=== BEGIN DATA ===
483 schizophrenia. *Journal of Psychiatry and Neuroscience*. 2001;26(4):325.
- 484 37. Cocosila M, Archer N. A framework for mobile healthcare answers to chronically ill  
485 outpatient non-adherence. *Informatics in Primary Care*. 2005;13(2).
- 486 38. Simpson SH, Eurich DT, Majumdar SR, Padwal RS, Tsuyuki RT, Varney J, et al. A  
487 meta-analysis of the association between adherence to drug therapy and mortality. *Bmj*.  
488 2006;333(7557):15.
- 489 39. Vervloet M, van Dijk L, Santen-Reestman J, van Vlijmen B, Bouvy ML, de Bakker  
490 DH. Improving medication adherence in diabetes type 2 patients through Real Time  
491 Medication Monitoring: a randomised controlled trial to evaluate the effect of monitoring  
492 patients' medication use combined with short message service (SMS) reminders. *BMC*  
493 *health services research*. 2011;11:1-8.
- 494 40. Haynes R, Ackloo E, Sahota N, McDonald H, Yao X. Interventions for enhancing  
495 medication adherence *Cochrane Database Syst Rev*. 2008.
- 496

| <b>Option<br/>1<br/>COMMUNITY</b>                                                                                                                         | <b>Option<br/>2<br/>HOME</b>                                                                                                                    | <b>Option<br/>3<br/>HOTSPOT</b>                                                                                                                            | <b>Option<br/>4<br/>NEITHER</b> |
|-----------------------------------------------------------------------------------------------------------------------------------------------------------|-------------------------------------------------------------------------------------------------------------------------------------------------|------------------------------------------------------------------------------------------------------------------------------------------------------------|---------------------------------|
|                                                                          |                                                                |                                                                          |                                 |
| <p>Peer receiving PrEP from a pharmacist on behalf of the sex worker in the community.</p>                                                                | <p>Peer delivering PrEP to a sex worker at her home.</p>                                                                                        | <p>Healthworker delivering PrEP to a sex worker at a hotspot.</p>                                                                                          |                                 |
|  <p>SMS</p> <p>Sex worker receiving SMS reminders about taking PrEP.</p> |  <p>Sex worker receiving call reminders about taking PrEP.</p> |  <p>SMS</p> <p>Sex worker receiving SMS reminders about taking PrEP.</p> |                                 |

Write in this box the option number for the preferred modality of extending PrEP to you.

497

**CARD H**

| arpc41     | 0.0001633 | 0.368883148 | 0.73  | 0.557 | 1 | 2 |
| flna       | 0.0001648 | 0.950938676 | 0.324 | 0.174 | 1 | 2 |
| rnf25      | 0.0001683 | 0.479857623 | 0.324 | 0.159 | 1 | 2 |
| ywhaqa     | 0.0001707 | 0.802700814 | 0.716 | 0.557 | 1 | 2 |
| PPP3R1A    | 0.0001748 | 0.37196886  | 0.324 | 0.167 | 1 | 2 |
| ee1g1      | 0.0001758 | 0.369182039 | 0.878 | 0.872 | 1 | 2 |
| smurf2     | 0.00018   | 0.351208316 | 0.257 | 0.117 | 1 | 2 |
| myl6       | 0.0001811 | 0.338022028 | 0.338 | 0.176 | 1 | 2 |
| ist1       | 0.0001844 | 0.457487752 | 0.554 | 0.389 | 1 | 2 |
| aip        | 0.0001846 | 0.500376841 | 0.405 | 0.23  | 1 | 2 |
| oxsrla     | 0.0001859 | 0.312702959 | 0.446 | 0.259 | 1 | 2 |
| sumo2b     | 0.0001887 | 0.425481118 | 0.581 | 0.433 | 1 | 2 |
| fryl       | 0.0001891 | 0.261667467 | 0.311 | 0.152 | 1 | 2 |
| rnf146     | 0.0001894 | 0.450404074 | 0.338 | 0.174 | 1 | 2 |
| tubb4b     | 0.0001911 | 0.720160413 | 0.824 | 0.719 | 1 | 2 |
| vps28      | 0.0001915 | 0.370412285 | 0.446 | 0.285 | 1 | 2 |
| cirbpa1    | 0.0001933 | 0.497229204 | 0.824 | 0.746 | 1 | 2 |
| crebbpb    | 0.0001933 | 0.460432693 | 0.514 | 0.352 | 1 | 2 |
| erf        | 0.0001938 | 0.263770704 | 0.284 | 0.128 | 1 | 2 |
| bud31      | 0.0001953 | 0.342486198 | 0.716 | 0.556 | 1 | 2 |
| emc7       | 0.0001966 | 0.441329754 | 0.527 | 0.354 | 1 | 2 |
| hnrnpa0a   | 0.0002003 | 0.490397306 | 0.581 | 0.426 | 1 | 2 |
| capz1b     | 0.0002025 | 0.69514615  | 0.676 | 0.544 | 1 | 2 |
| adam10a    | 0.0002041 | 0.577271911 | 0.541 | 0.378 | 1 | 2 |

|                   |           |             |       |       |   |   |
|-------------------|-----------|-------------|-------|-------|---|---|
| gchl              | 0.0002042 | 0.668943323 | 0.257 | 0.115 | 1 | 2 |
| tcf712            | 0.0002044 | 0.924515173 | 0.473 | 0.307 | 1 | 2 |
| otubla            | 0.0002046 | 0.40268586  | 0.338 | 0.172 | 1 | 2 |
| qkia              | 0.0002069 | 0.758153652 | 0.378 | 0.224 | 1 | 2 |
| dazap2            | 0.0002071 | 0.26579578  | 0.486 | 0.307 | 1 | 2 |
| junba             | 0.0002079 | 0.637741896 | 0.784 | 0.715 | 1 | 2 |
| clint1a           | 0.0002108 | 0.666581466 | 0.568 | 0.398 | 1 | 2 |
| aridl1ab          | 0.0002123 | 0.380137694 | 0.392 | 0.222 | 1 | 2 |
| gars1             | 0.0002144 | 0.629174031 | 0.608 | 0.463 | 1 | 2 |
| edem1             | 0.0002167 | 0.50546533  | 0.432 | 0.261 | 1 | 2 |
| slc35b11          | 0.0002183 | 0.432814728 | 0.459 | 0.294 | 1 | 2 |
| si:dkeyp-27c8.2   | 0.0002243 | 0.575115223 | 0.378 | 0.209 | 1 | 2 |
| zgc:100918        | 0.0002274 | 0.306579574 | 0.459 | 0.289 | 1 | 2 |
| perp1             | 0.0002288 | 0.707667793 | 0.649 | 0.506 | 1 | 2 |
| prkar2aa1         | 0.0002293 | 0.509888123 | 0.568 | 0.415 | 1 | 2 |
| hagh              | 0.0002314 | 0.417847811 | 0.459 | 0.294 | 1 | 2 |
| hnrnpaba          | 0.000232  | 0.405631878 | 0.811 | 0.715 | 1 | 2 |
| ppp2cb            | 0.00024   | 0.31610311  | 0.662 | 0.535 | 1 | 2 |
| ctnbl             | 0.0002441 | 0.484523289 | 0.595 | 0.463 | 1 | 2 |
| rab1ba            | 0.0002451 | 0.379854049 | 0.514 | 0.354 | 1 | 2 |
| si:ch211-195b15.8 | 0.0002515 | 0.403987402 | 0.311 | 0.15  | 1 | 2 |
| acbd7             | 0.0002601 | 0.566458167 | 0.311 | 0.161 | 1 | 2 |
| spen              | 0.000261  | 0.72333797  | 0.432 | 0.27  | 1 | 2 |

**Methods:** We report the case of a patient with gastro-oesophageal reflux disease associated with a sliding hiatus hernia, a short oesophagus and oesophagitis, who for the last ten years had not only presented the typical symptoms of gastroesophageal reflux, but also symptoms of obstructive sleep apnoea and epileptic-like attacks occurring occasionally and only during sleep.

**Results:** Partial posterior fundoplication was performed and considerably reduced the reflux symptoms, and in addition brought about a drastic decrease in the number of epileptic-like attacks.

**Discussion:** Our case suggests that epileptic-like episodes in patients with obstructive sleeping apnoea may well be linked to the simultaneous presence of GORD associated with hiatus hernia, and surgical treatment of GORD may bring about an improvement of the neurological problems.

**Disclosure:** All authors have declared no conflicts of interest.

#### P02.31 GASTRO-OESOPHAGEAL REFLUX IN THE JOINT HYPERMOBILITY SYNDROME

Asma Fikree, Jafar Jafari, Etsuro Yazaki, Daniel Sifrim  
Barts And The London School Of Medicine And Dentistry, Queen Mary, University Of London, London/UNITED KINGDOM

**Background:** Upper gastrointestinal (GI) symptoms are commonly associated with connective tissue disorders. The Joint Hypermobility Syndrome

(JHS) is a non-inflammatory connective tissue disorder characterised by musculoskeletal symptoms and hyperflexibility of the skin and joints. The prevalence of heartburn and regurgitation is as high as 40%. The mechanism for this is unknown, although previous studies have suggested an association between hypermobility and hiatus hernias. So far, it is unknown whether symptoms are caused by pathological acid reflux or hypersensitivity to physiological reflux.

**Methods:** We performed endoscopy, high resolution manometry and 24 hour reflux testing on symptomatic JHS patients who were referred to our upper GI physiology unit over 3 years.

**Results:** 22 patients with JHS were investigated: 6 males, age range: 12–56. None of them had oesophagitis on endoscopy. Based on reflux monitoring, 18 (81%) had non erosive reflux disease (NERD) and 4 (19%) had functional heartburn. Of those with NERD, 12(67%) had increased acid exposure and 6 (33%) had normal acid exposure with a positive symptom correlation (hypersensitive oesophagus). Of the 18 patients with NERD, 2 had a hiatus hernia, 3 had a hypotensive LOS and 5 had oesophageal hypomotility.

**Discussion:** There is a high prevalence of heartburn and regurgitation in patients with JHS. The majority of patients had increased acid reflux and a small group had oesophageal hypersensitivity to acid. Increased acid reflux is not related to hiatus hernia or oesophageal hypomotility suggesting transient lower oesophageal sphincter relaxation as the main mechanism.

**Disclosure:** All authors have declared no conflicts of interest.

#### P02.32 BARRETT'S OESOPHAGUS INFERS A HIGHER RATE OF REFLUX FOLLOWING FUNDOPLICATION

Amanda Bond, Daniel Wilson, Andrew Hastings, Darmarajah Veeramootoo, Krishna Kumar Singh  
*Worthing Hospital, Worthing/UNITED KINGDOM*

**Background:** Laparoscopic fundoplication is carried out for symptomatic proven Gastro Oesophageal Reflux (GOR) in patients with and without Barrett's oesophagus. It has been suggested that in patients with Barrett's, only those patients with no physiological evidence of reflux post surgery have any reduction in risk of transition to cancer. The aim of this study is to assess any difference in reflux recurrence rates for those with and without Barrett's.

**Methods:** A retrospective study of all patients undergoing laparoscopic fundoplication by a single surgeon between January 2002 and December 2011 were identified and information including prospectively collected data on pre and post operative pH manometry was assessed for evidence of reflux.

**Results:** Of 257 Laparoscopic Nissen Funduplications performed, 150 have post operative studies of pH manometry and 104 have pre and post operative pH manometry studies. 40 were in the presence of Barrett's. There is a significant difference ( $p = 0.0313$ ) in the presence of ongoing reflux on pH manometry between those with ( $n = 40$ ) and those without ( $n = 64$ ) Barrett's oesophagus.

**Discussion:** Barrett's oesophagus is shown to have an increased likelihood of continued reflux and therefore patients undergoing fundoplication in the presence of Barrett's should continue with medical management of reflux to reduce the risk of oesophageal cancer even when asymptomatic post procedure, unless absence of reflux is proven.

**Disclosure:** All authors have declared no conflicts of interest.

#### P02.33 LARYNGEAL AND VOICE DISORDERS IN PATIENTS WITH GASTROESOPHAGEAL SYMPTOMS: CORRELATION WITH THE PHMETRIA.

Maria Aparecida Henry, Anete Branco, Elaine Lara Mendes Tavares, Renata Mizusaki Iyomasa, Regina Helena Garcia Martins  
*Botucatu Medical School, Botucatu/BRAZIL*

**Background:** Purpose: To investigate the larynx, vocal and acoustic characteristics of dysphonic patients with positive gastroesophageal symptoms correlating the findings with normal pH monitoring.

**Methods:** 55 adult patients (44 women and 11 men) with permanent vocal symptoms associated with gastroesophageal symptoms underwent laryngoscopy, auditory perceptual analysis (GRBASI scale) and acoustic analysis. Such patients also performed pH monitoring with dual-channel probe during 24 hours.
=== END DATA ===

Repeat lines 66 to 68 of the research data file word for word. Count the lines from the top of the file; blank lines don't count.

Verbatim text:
| ppp2cb            | 0.00024   | 0.31610311  | 0.662 | 0.535 | 1 | 2 |
| ctnbl             | 0.0002441 | 0.484523289 | 0.595 | 0.463 | 1 | 2 |
| rab1ba            | 0.0002451 | 0.379854049 | 0.514 | 0.354 | 1 | 2 |